Casting nets – let’s try our luck over there.
Sorting fish – too small; wrong kind; wow, nice big one.
Delivering fish – let’s get these out of the sun before they go off.
Repairing nets – agh, that hole we fixed has opened up again.
Simon and Andrew and James and John are fishermen. They work hard, and they work long hours, and they have strong calloused hands, and they know their way around on the water. They are fishermen, which is also to say that they have little power or prestige in their culture. One New Testament scholar describes the status of first century fishermen in these terms:
While the fishermen have some economic resources, their social ranking is very low. In Cicero’s ranking of occupations, owners of cultivated land appear first and fishermen last. Athenaeus indicates that fishermen and fishmongers are on a par with moneylenders and are socially despised as greedy thieves. Fishermen and fishmongers have a socially inferior and economically precarious existence under Roman control.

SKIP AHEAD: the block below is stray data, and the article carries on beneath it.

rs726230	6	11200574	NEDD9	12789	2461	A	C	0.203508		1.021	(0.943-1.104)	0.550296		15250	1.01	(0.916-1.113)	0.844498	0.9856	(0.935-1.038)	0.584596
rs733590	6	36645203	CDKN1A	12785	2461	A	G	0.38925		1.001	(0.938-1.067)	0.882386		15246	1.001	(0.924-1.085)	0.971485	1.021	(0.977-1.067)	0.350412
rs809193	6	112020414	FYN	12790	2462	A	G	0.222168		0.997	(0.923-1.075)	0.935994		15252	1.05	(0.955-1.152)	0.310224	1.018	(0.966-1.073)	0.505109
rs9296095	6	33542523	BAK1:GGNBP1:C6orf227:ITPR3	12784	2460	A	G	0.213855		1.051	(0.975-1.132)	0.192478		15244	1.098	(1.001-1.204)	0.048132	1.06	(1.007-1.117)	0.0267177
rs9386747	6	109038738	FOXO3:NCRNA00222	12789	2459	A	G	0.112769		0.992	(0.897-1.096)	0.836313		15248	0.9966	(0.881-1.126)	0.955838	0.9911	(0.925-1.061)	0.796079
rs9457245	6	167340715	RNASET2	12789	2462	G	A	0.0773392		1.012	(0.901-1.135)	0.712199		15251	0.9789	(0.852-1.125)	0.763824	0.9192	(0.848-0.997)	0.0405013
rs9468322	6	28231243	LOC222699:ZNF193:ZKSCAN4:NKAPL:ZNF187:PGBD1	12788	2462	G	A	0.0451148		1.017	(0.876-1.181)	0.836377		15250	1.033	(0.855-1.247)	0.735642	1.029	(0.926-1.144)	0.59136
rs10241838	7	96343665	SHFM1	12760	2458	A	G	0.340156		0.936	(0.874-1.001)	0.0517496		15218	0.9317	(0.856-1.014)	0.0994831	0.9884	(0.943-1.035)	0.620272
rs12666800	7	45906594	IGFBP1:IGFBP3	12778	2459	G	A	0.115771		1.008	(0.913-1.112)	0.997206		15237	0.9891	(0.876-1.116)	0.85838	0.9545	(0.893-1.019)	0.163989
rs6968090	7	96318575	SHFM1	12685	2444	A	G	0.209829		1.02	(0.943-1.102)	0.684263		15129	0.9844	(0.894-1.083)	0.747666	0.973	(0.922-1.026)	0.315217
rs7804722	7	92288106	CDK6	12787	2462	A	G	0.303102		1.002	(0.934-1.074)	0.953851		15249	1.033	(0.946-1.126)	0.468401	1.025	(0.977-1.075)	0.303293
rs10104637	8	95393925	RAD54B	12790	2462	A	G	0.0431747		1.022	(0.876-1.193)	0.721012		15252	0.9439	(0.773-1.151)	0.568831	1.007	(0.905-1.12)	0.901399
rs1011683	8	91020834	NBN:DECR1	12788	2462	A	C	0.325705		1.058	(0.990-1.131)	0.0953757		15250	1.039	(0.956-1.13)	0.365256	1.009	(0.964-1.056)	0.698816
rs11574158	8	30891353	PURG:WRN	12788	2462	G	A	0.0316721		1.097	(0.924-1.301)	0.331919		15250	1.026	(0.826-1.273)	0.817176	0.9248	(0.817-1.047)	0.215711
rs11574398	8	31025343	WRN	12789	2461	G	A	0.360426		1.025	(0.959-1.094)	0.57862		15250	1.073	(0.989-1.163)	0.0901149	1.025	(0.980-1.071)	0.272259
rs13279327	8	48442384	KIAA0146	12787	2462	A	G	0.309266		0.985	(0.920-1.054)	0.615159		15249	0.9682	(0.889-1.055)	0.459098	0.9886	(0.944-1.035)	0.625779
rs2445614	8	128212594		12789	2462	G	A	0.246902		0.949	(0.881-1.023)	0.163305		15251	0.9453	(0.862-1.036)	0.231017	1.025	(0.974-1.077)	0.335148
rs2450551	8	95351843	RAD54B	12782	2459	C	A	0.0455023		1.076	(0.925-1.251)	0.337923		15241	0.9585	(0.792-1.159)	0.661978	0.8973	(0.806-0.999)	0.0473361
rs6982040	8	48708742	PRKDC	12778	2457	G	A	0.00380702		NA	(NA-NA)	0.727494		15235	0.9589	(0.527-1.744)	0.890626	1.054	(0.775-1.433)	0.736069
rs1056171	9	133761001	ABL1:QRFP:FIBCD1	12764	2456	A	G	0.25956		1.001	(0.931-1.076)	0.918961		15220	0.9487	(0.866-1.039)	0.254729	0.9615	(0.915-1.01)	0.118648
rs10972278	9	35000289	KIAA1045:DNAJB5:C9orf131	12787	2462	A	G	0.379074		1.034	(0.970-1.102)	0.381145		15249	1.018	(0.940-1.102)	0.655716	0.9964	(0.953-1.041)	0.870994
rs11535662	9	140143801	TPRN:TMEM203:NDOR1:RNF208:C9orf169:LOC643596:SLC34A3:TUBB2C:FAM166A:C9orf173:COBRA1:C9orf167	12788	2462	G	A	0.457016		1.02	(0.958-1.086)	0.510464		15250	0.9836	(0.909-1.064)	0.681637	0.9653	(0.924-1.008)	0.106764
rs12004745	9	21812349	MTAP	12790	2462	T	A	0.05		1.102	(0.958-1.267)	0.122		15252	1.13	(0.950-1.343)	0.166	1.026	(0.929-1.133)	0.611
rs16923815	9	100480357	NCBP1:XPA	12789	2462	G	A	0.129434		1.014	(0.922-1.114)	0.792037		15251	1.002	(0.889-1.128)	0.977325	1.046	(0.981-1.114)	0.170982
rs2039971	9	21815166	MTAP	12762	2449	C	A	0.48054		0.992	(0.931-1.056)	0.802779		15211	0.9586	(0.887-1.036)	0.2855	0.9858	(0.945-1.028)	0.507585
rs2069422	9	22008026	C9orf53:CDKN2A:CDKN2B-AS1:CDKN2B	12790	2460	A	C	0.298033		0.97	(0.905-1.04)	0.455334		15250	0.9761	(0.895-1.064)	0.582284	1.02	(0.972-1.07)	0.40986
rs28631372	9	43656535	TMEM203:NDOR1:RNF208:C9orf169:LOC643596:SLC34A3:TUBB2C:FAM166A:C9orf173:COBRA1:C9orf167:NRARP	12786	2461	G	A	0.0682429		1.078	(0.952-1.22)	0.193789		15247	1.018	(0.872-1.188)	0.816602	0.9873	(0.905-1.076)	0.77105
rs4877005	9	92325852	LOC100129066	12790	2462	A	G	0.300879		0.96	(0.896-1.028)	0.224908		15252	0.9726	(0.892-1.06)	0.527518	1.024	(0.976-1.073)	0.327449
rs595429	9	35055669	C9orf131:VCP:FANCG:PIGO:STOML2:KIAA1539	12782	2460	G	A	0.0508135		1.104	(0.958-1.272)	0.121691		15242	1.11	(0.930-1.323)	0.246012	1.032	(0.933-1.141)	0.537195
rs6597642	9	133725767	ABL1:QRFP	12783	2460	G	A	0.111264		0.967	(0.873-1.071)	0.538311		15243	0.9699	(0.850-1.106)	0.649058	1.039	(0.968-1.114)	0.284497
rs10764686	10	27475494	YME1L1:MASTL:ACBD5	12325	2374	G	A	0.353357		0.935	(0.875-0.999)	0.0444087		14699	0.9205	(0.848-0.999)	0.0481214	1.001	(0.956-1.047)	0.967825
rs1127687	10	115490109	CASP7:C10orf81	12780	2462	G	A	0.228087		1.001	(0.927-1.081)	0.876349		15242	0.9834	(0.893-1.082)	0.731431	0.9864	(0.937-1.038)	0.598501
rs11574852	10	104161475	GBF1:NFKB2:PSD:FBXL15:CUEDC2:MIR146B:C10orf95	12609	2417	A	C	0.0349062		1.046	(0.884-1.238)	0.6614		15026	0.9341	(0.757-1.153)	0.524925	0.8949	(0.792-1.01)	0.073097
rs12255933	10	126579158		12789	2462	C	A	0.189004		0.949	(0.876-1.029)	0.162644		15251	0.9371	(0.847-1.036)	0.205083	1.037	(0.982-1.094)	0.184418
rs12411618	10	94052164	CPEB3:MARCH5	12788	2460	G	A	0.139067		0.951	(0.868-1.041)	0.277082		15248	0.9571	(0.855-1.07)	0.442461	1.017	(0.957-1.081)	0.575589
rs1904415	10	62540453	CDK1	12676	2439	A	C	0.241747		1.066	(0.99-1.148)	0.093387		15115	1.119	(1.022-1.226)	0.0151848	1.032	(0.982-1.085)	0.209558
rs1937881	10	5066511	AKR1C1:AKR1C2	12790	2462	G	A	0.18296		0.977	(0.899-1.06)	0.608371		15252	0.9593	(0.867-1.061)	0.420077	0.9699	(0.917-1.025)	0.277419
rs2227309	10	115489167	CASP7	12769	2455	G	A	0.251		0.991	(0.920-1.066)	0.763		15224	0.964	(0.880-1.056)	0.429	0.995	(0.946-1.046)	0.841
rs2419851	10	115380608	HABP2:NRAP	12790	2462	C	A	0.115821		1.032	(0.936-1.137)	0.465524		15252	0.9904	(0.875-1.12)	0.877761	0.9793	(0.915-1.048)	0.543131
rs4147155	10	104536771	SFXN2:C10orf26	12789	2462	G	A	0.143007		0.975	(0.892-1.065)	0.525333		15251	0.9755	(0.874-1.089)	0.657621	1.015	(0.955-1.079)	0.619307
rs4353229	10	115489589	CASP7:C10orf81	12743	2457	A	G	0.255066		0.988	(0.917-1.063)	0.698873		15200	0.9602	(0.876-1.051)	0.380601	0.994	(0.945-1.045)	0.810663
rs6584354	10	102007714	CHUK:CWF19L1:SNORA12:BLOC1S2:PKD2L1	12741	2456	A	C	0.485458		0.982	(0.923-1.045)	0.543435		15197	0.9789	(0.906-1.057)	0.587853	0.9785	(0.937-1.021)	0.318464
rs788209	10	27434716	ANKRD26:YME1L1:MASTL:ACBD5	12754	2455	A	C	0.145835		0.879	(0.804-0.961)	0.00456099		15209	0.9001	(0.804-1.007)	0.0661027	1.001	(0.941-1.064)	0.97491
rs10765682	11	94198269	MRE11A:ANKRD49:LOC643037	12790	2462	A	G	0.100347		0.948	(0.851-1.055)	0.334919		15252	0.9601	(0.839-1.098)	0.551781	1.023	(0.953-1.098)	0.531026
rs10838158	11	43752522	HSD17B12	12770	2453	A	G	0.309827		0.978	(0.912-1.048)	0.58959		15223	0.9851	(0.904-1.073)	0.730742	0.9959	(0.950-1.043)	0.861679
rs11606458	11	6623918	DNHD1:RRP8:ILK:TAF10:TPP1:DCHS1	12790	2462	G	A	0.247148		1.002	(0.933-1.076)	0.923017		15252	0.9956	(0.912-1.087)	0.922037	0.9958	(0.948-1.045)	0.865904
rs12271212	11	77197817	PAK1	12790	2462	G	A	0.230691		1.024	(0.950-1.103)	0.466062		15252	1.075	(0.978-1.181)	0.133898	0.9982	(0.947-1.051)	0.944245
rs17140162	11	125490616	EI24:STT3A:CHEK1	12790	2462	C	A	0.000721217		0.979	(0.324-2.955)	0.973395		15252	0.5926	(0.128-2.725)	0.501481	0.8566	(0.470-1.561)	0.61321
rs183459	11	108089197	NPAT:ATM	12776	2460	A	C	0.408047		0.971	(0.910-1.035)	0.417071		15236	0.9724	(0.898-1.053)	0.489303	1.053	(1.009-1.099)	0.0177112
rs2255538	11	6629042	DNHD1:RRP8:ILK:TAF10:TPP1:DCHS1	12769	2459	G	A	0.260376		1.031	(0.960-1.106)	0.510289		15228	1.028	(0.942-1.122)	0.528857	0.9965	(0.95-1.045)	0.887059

The work of fishermen is in some ways vital to their society, for without fish a significant part of the local diet and a source of nourishment is lost. But perhaps it will come as no surprise to us that those who did such vital work were not valued in themselves. In our own time and culture we outsource a great deal of basic and vital work overseas – and those workers or labourers receive levels of pay we would never consider acceptable for our own family members or friends. Continue reading